A large PV factory could be the starting point of a major supply chain that would deliver renewable hydrogen to Europe’s heavy industries, under a scheme backed by some of the continent’s top names.

At an EU event earlier this week, Meyer Burger, Hydrogenics, Ecosolifer and European Energy put forward a scheme to build a 2GW-a-year PV manufacturing plant somewhere in the continent.

The Silver Frog scheme, presented at the Hydrogen for Climate Conference, would use the PV factory to equip a major downstream solar portfolio meant to power hydrogen generation at a later stage.

Up to 10GW in solar farms could be equipped by the 2GW-a-year factory for PV modules and cells, a production involving Meyer Burger and Hungarian PV maker Ecosolifer.

In a presentation, Silver Frog’s proponents explained the 10GW downstream solar portfolio could be split between 20 sites of around 500MW, adding that it will be installed in Italy and others.

The Southern European state – chosen because of its “excellent” solar resource – too offers sound wind potential and will also be the home of a new 5GW wind power portfolio, the promoters said.

Together, both renewable sources will power the production of hydrogen via a 10GW fleet of water electrolysis plants, the latter equipped by a separate 2GW-a-year electrolyser factory.

The annual 800,000 tonnes of hydrogen resulting from the process will be shipped via gas pipelines to steelmakers, refineries, chemical plants and the rest of Europe’s most carbon-intensive industries.

The overall project would run for eight years and require overall investment of €12-15 billion (US$13.2-16.5 billion), according to its proponents. 

EU bets on hydrogen to reverse PV manufacturing downfall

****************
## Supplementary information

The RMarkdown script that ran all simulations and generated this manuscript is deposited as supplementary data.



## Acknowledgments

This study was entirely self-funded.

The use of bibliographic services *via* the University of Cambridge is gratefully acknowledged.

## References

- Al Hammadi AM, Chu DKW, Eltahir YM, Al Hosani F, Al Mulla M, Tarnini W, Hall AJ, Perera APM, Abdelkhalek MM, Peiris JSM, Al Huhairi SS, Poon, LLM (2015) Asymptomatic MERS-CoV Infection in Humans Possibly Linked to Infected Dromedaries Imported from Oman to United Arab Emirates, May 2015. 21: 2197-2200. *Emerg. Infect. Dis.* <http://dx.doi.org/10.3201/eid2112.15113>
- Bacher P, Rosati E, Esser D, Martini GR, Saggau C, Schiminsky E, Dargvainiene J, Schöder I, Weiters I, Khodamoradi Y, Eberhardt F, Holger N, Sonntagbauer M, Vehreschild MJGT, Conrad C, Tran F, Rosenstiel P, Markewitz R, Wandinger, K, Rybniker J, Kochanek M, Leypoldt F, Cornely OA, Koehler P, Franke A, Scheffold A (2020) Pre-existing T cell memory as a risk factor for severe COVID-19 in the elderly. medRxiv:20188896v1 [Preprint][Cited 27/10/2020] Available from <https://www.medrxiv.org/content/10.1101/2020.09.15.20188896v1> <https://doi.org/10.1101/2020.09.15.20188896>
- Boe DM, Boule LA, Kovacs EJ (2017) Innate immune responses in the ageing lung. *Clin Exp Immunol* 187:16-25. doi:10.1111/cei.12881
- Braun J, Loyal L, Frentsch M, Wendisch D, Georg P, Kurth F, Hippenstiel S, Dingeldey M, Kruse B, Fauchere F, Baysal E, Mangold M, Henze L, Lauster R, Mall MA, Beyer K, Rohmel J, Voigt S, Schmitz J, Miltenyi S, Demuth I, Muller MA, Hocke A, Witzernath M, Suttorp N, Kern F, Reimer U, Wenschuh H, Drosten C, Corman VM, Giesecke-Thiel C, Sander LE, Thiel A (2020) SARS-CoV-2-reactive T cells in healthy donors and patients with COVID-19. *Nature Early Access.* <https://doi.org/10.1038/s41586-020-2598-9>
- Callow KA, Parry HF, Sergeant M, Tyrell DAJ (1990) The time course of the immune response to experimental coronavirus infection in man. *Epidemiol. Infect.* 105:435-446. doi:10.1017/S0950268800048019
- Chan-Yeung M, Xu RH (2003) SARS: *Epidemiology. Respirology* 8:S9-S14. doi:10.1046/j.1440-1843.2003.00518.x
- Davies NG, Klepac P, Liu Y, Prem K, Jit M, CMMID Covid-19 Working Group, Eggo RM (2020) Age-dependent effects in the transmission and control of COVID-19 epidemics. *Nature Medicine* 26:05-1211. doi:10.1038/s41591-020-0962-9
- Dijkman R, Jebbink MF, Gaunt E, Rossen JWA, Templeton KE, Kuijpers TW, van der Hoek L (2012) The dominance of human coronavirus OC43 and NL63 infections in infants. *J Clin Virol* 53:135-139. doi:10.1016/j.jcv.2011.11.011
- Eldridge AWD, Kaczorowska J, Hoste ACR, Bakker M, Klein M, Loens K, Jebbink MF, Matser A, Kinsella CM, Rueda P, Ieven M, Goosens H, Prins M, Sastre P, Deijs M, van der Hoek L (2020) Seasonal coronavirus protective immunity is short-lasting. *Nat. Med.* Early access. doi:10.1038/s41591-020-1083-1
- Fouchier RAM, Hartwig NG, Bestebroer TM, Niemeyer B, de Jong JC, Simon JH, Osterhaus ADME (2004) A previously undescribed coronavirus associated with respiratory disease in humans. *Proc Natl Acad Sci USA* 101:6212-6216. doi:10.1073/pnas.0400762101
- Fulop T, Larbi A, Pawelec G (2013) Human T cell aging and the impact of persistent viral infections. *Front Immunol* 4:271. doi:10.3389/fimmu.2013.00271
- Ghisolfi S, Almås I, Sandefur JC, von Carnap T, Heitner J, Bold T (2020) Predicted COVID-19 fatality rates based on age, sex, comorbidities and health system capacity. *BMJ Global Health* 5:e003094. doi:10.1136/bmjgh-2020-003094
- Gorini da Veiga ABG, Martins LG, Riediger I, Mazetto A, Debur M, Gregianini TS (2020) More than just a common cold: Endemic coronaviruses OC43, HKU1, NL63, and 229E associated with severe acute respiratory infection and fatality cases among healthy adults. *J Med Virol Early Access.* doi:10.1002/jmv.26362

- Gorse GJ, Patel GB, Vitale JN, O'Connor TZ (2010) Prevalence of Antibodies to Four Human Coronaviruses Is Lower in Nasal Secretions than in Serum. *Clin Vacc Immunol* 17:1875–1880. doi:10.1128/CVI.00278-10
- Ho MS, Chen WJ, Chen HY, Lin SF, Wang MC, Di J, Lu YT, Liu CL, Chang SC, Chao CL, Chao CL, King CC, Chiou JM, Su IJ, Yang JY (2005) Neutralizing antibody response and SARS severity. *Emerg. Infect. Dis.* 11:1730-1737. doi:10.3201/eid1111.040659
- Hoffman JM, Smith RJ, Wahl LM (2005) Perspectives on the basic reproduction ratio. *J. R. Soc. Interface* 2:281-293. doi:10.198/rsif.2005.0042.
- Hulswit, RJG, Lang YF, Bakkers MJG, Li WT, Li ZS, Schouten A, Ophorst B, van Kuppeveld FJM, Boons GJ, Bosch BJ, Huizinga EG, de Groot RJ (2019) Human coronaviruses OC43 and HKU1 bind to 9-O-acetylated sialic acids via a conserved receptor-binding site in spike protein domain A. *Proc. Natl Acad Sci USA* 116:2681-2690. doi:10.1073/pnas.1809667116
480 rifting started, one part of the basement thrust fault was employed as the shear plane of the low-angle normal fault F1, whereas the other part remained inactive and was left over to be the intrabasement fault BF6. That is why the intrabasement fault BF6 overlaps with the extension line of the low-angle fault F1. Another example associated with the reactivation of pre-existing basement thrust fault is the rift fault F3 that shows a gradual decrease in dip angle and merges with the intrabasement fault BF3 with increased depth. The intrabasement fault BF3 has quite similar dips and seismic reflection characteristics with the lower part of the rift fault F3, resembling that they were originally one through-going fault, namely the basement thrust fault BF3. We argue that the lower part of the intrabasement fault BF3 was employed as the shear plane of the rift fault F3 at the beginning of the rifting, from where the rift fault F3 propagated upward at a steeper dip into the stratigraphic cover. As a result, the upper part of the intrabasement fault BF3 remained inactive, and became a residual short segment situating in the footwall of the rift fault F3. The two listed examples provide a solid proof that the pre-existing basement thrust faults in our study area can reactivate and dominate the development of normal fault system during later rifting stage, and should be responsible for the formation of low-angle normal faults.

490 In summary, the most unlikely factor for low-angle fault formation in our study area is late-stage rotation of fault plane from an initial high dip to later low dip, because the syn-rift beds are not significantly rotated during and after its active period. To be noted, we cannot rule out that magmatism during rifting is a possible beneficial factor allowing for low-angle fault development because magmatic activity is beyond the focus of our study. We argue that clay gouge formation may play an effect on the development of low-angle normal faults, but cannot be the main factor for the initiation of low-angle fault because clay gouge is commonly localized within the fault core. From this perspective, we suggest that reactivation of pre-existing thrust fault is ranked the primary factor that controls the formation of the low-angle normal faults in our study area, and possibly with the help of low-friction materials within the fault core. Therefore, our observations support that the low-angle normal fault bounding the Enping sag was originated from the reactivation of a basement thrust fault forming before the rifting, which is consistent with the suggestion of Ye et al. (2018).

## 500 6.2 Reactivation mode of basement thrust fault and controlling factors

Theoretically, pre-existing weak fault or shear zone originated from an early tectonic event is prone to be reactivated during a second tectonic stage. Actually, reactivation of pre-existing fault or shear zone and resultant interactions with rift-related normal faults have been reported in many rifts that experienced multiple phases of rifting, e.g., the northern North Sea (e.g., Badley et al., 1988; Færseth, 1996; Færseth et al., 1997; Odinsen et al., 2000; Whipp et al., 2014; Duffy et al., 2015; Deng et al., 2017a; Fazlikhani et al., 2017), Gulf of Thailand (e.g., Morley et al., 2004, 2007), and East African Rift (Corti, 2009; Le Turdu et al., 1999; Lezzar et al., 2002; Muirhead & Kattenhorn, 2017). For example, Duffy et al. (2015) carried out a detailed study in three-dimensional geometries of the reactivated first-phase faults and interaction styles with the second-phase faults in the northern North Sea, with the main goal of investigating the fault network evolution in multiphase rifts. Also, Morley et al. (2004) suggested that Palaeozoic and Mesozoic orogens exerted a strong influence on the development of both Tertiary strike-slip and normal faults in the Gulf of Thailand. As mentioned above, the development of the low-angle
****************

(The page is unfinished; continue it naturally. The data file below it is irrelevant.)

Backed by PV body SolarPower Europe, Silver Frog is being proposed with IPCEI status, which if granted would see the project become eligible for EU funding support. 

The scheme’s proponents believe the new supply chain could create 6,000 jobs and bring annual CO2 savings – 8 million tonnes – equal to the footprint of the city of Brussels.

The European blueprint strongly mirrors a plan put forward in Australia this very week, meant to install 5GW of wind and solar to power the making of hydrogen for domestic and foreign use.

Germany’s Siemens will supply its electrolysers to the Murchison scheme in Western Australia, which will export some of its output to Japan, Korea and other hydrogen-hungry Asian markets.

Over in Southern Australia, clean energy firm Neoen is too tapping into hydrogen, with plans to add 50MW production capacity to a 275MW solar-plus-wind-plus-storage hub in the making.

In Europe, the focus on a continent-made supply chain comes after the PV manufacturing ecosystem was decimated by last year’s EU decision to phase out the MIP tariffs for Chinese imports.

In the intervening months, parties including the new EU-body the European Solar Manufacturing Council and French president Emmanuel Macron have sought to revive European PV makers.

As found by a recent PV Tech Power feature, market operators are split on whether Macron’s plan to bring back upstream “champions” will at all succeed against the dominance of cheaper Asian rivals.

“I don’t think it makes sense to manufacture in Europe … it doesn’t necessarily create the high-tech jobs Europeans want,” was the response of Jenny Chase, solar analyst at BloombergNEF.

The feature examining the odds of success of attempts to revive European solar makers was part of PV Tech Power’s Volume 20, which you can subscribe to here

The prospects and challenges of solar’s new era in Europe and beyond will take centre stage at Solar Media’s Solar Finance & Investment Europe (London, 5-6 February) and Large Scale Solar Europe 2020 (Lisbon, on 31 March-1 April 2020).

Read the entire story